By Roger Lovegrove

The energy group was triggered into arranging this visit because of the Heritage Foundation’s new Design Standards appear to prevent any heritage area house being clad in external insulation. There are about 7,500 pre-war houses in Letchworth that have solid brick walls with no cavity.

22 local residents were coached to Swindon for what turned out to be a very interesting and useful day.

The visit was very illuminating, being a useful mix of focused presentations, guided tours, one on one sessions and free to roam time amongst 400 exhibits and 3 full size houses.

Before cladding walls inside or out it is probably more cost effective to :

1          Insulate the roof with up to 400mm of insulation (yes, 16inches!!).

2          Make the house draft proof  and confirm with fan pressure testing.  Including the letter box and those vent fans but also the window frames and door seals etc).

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3          Fit triple glazing.

4          Insulate flooring.

5          Install heat recovery systems

Only the first 2 have a 10 year or less payback time.

Cladding issue Points learnt:

Internal cladding has intrinsic problems because the dew point for condensation moves to the inside of the solid brickwork making for problems with moisture between the brickwork and insulation.  Always consult an expert before installing internal insulation.

External cladding has problems for different reasons.  (The dew point is always outside the brickwork.) The HF, with its ‘Scheme of Management’ and its new ‘Design Standards’  has very strict rules on external cladding. These include:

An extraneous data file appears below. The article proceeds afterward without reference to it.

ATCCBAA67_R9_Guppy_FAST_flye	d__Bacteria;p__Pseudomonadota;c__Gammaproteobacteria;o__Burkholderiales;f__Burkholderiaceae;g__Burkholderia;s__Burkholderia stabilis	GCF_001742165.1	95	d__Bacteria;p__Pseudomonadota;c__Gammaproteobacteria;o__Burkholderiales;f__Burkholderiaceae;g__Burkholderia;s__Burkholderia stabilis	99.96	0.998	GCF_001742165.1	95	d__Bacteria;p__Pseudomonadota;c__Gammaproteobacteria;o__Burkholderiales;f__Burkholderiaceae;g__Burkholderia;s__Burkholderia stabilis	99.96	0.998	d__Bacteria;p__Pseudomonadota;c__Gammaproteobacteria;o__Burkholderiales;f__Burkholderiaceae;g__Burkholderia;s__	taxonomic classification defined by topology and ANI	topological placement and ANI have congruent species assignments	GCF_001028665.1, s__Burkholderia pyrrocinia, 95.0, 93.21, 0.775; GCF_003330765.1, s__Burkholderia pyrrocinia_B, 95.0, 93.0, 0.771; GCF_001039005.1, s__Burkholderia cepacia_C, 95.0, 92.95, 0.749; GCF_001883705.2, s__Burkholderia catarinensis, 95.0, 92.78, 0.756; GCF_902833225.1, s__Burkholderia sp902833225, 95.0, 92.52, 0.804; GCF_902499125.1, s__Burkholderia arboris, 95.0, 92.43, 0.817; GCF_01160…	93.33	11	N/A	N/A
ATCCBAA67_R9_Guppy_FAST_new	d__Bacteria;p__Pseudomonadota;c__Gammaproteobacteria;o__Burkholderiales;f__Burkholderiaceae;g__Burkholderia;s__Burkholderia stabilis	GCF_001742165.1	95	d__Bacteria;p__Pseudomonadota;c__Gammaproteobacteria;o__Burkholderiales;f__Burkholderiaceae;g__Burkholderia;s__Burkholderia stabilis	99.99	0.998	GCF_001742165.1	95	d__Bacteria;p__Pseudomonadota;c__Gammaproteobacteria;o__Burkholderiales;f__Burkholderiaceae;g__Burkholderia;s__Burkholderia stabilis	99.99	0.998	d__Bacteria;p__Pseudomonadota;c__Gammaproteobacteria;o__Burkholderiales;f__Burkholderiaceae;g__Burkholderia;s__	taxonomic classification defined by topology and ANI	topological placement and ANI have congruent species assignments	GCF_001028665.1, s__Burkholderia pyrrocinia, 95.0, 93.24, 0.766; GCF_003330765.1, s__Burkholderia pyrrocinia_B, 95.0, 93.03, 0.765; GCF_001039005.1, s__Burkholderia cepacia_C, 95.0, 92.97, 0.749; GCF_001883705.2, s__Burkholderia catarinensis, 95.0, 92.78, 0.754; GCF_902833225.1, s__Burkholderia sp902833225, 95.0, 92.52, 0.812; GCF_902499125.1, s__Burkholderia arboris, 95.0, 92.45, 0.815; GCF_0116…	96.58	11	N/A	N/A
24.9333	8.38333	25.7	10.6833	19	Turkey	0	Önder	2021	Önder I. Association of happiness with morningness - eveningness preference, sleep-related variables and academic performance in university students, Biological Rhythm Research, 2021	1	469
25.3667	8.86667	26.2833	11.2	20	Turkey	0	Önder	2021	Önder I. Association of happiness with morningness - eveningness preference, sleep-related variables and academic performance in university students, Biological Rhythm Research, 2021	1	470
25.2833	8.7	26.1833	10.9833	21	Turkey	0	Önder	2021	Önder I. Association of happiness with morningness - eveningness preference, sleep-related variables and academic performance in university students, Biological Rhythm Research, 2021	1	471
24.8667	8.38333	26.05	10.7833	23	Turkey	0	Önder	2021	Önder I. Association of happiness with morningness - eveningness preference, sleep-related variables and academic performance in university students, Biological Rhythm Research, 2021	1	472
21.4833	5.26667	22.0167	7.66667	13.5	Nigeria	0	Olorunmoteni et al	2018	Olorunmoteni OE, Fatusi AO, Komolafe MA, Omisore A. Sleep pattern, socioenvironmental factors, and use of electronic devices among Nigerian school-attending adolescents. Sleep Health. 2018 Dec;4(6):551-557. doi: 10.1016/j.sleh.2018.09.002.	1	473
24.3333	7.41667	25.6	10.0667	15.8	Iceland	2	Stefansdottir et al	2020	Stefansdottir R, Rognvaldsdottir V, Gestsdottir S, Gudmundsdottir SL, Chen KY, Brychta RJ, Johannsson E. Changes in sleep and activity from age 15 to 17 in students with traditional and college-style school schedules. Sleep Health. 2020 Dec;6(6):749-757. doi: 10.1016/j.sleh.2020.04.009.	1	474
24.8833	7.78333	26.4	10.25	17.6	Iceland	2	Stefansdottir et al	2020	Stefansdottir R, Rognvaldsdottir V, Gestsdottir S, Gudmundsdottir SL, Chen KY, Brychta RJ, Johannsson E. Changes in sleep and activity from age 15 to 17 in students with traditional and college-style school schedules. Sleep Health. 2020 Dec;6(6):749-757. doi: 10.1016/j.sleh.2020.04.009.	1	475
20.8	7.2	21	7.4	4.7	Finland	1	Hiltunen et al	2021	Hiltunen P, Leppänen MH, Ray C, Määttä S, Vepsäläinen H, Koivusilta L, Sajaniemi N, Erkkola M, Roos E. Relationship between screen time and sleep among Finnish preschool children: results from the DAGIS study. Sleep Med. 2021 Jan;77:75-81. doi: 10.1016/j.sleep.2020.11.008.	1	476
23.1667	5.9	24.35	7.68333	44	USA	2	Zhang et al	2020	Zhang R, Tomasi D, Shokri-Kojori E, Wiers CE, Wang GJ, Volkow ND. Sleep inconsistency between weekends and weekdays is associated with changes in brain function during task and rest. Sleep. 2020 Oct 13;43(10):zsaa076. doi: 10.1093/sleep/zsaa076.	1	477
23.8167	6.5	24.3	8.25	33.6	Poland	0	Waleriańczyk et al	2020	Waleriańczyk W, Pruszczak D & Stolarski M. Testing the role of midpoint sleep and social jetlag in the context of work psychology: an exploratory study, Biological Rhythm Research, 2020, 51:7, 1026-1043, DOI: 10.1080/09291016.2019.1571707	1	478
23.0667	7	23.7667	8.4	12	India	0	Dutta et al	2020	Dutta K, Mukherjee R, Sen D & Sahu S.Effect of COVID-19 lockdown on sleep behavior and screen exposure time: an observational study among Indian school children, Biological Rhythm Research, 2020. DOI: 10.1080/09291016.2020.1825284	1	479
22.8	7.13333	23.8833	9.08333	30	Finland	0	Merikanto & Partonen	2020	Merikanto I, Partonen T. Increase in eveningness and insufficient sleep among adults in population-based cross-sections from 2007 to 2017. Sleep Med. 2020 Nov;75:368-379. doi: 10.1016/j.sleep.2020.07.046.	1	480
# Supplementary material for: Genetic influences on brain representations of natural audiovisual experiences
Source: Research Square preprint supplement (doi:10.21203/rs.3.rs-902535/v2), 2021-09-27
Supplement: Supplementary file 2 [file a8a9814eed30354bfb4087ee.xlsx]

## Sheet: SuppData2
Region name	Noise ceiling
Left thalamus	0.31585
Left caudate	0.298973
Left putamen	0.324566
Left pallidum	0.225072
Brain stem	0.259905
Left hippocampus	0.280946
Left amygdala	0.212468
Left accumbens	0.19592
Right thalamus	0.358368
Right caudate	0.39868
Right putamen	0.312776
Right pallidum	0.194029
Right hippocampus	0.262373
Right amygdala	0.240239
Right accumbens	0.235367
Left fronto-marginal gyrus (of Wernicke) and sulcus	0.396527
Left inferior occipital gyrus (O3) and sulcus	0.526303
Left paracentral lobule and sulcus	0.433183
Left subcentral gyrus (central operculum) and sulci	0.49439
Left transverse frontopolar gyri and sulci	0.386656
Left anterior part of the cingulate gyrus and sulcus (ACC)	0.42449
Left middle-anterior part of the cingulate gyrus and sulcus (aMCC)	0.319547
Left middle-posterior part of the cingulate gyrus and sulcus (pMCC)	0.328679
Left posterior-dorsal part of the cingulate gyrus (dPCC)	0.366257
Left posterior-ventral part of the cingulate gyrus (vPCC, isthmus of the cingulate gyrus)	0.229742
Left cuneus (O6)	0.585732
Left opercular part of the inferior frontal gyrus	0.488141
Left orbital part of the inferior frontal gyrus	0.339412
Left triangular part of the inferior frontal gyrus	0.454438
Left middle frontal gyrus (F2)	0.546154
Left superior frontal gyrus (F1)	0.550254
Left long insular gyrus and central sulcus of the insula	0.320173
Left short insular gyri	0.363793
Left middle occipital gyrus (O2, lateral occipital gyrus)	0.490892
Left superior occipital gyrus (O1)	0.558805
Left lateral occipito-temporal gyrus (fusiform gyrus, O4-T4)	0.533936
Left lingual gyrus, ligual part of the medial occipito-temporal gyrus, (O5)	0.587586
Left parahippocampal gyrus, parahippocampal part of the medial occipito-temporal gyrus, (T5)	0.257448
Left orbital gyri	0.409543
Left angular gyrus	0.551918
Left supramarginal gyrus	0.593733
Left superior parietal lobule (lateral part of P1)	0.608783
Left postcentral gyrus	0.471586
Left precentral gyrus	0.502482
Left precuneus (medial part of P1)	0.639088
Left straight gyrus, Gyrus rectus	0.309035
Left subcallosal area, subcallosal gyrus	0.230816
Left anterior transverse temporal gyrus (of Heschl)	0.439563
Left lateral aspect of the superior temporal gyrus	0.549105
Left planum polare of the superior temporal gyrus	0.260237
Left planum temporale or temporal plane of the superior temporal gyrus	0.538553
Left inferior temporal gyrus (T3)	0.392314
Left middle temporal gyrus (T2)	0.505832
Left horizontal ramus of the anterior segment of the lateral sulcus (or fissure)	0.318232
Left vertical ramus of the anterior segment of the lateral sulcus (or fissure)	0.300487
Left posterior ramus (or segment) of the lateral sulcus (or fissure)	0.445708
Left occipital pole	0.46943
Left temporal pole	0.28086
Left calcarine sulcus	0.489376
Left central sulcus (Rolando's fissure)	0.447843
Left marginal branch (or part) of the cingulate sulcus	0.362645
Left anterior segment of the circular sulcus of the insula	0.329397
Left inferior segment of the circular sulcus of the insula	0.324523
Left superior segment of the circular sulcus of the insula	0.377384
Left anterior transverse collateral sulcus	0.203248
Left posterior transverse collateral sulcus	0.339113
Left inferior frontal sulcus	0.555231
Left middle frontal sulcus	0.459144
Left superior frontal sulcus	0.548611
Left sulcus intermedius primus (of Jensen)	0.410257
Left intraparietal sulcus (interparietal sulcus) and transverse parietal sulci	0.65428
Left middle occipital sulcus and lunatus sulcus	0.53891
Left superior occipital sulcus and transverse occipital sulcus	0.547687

Semi’s – must do both houses,  Terraced and groups – must do whole terrace / group at the same time.

As neighbouring houses invariably have different owners (eg NHDC, NHH and freeholders etc) this makes it almost impossible to contemplate external cladding.

Any cladding must replicate the architectural detail of the original house. This includes brick string courses, window heads, cill detailing, cornicing and decorative plaques. In conversation, the HF would prefer no external cladding in the heritage area and would only accept such cladding if and only if a very high degree of replication is achieved.  This would include the above, plus detail in the window and door reveals and moving all the windows outwards into the insulation.

Letchworth has a number of renovation problems, including having a very restrictive dual planning system thanks to Ebenezer Howard and the early garden city movement. The NSBRC was able to focus the presentations and guided tours around our particular problems and eco aspirations. As a result our team of home owners – all with pre-war houses – was able to get a focused, up to date view of the latest technologies, identify manufacturers and come away inspired to get going!  The condensation problems with internal wall insulation, in particular, made our team re-think their insulation solutions.

The mix of free parking, free entry, well organised domestic arrangements, excellent presentations and guided tours, by real experts amongst unique displays including 3 full sized houses makes for a fantastic opportunity for anyone planning a new build or renovation. It is particularly useful to see renovation problems for real , full size and in typical situations rather than in a book.  Any organisation involved in self build or renovation will greatly benefit from the unique offer by the NSBRC to combine focused presentations by experts in their field, guided tours and one on one sessions.

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